From Paula Jarzabkowski

Dear Socialising Finance Community,

As you know, our book on  Making a Market for Acts of God has recently been released. It has certainly raised controversial comment in the press, from the FT to the BBC and, most lately, Bloomberg TV: http://bloom.bg/1IxMXOi with much industry debate about the implications of bundling risk, and the influx of alternative capital underpinning the growth of insurance linked securities. Certainly, the potential for market failure arising from changes to existing changing trading norms and practices is one aspect of the book’s ‘call-to-arms” for the industry.

I therefore invite you, as members of the socialising finance community to hear what the book is really about, and to have your say. Please do feel free to also forward this invitation to any colleagues who might be interested to know more. You can register to attend on the link below.

You are invited to:  Reinsurance markets and the future of trading large-scale risk

Tuesday 9th June 2015, 6-7.30 pm 

Cass Business School, 106 Bunhill Row, EC1Y 8TZ

The global market for large-scale risks has never been more important, as climate change exacerbates natural disasters and concerns arise over new threats such as cyber-risk.

Join us for a drinks and canapé reception as we launch our Oxford University Press book: Making a Market for Acts of God: The practice of risk-trading in the global reinsurance industry (authored by Paula Jarzabkowski, Rebecca Bednarek and Paul Spee)

The event will present the findings about the practice of trading risk in the global reinsurance industry and will also feature an expert panel debating the implications for the future of trading in large-scale risk and reflect on the lessons we can learn from other markets.

To register and learn more about this event click: http://www.city.ac.uk/events/2015/june/reinsurance-markets-and-the-future-of-trading-large-scale-risk; #CassReinsurance

  • ​Speaker: Paula Jarzabkowski, Professor of Strategic Management at Cass Business School, City University London

Expert industry and academic panel:

  • Tom Bolt, Executive Team member and Director of Performance Management at Lloyd’s of London
  • Clem Booth, (re)insurance industry veteran, formerly executive board member of Allianz SE and CEO of Aon Benfield Global Inc and many other executive positions in the industry.
  • Michael Power, Professor of Accounting, and former Director of the Centre for the Analysis of Risk and Regulation at LSE

Event information

Date: 9th June, 2015 6pm registration, presentation and panel 6.30-7.30 pm, drinks 7.30-8.15 pm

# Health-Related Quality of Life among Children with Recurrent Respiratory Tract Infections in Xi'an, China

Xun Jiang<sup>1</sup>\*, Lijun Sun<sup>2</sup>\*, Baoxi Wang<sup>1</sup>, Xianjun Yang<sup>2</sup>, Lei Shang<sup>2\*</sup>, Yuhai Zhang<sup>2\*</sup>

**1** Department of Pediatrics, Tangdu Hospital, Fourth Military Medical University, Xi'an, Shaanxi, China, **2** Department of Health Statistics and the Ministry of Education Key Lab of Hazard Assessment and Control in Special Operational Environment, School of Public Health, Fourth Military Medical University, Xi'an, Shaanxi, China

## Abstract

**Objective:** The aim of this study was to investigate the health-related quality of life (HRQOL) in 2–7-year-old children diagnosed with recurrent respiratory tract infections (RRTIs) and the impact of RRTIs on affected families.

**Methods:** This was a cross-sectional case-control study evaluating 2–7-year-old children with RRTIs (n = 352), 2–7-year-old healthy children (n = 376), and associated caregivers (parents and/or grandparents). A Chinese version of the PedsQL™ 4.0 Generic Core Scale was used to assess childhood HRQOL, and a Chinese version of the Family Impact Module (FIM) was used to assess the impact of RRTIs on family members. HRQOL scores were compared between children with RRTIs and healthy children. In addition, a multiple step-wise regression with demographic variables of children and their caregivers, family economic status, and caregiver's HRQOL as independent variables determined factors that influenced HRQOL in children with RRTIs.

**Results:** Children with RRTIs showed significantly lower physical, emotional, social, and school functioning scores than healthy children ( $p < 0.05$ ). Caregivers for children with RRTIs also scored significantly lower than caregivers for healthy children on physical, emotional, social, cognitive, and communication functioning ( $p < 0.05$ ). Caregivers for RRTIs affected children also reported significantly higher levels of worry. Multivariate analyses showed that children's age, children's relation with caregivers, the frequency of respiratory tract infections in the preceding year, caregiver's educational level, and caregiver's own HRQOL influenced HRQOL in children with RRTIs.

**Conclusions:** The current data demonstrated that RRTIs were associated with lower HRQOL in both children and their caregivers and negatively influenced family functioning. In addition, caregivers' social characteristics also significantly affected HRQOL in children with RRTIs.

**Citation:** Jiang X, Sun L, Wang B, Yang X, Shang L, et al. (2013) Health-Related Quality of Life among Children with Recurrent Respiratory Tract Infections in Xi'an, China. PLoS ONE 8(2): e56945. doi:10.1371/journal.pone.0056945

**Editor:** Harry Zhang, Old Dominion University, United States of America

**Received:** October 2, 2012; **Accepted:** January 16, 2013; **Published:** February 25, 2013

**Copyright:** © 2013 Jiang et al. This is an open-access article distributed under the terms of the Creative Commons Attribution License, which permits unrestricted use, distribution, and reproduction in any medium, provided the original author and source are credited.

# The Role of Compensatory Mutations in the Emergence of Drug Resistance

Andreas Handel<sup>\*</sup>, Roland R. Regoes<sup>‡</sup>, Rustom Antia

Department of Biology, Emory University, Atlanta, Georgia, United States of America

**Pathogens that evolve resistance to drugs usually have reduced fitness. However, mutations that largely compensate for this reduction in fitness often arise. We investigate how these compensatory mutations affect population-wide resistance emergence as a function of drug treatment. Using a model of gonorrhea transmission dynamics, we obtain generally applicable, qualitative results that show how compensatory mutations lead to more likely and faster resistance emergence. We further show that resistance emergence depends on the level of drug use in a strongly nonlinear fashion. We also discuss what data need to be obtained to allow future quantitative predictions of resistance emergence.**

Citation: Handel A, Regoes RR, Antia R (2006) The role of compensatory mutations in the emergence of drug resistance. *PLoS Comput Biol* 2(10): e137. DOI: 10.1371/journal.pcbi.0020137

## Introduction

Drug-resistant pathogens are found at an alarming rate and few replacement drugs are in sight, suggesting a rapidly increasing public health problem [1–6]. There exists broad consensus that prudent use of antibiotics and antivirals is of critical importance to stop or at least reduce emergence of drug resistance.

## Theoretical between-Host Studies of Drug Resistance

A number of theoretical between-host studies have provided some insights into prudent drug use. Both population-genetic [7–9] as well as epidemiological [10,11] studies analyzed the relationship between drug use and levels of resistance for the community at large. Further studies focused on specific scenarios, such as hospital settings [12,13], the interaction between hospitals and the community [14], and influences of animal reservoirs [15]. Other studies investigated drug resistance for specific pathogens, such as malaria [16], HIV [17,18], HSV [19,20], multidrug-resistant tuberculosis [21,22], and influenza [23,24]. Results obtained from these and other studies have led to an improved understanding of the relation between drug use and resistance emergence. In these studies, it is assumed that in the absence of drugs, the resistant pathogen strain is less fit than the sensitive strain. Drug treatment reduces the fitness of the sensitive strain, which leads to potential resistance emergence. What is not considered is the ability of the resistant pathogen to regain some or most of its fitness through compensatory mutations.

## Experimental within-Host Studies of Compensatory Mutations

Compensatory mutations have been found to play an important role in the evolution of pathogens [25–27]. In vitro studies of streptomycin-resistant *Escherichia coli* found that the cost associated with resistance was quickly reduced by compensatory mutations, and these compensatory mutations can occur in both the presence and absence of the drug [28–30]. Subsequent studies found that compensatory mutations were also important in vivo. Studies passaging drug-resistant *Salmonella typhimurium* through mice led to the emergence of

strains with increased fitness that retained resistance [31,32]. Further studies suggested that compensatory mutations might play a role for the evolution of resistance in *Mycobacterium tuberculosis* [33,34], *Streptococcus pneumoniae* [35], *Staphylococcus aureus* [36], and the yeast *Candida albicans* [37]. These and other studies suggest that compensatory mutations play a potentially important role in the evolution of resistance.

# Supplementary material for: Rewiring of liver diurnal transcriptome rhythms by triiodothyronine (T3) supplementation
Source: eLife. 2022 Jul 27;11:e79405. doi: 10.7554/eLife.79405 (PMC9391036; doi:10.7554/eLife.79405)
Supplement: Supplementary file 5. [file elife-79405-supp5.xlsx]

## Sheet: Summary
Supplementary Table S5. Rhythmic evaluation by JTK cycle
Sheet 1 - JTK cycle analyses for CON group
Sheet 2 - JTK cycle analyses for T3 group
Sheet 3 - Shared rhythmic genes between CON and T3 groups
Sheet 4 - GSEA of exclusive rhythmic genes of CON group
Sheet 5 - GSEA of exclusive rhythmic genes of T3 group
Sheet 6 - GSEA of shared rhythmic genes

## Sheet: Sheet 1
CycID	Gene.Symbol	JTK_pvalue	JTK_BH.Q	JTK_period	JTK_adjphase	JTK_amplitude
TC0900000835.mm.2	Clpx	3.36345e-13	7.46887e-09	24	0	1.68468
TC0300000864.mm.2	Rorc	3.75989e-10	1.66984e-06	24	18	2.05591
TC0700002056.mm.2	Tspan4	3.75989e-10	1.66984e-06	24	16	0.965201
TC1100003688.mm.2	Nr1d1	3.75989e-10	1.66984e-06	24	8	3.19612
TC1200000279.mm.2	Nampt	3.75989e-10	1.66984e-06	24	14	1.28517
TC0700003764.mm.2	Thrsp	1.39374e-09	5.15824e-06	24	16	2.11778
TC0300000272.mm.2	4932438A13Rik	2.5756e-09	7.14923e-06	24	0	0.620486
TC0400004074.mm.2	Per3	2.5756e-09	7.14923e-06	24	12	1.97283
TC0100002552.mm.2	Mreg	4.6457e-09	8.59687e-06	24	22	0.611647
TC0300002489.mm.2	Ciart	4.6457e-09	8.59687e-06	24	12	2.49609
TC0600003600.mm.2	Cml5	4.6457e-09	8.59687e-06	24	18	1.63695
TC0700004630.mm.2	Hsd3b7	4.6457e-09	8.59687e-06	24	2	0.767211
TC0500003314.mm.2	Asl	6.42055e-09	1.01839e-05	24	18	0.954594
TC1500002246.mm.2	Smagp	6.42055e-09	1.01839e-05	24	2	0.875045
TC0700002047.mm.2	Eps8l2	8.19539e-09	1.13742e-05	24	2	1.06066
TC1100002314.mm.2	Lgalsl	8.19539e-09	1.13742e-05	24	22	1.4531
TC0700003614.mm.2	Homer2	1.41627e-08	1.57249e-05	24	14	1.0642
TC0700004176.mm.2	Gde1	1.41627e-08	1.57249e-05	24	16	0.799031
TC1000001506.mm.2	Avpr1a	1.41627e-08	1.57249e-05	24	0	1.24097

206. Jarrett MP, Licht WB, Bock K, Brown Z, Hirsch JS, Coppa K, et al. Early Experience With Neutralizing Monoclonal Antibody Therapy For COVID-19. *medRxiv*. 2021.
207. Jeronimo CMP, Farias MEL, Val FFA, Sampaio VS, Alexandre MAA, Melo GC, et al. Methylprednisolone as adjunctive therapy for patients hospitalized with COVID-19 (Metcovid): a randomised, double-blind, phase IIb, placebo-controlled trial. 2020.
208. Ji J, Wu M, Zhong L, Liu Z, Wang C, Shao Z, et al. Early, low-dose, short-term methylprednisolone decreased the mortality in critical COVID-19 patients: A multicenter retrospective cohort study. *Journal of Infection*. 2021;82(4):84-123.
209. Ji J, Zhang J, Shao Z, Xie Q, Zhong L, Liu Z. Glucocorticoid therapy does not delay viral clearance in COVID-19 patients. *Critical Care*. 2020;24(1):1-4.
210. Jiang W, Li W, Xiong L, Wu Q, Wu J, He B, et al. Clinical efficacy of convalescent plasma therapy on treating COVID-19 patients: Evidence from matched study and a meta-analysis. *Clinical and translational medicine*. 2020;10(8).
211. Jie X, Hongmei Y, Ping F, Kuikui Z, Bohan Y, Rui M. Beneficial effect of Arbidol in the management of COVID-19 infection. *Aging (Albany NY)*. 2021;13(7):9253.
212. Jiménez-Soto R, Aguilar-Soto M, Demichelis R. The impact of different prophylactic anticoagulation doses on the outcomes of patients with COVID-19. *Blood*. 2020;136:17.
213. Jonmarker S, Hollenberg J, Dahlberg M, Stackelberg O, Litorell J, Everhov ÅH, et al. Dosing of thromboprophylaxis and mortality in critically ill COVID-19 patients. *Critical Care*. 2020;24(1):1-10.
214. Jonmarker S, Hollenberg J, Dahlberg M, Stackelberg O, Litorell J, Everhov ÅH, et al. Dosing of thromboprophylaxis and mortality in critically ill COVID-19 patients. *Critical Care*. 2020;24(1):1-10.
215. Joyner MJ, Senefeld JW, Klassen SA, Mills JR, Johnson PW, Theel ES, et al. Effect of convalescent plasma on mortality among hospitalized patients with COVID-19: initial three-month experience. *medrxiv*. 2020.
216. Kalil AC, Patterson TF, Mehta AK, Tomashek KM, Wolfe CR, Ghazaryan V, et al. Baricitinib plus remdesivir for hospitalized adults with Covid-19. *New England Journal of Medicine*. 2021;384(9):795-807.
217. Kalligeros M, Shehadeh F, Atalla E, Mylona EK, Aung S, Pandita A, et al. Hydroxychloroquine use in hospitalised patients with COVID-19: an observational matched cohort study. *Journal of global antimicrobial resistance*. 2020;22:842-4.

Location: Room LG001, Cass Business School, 106 Bunhill Row, London, EC1Y 8TZ

The PRI Call for Papers is now open – EXTENDED DEADLINE 18 MAY 2015

From awareness to impact: mechanisms of change in responsible investment

We are delighted to announce that this year’s the PRI Academic Network Conference will be part of PRI in Person for the first time, with a full stream dedicated to academic research. The conference will be held on 8 – 10 September at the ICC, ExCeL London, enabling academics and investors to engage, learn and discuss the latest insights, and to network.

The PRI is also proud to collaborate with The Systemic Risk Centre, based at the London School of Economics and Political Science (LSE) for the PRI Academic Workshop. This additional event is for PRI signatories, other responsible investment professionals and academics to enhance their knowledge and practices, but also for deeper interactions in a distinct community setting. The Workshop will be held on 11 September.

Both PRI in Person and the Academic Workshop will showcase selected research papers from the call.

We invite submissions of full papers (but extended abstracts are acceptable) that focus on the following areas:

  •         ESG integration
  •         Long term investment
  •         ESG engagement
  •         Financial performance
  •         ESG impact

For more information and to apply, please visit our website or contact academic@unpri.org.

The extended deadline for submissions is 18 May 2015.

Conference committee:

Michael Barnett, Rutgers Business School

Daniel Beunza, London School of Economics

Fabrizio Ferraro, IESE Business School

Jean-Pascal Gond, City University London, Cass Business School

Michael Viehs, Oxford University, Smith School of Enterprise and the Environment

From Paula Jarzabkowski

You are invited to:  Reinsurance markets and the future of trading large-scale risk

Tuesday 9th June 2015, 6-7.30 pm 

Cass Business School, 106 Bunhill Row

The global market for large-scale risks has never been more important, as climate change exacerbates natural disasters and concerns arise over new threats such as cyber-risk.

Join us for a drinks and canapé reception as we launch our Oxford University Press book: Making a Market for Acts of God: The practice of risk-trading in the global reinsurance industry (authored by Paula Jarzabkowski, Rebecca Bednarek and Paul Spee)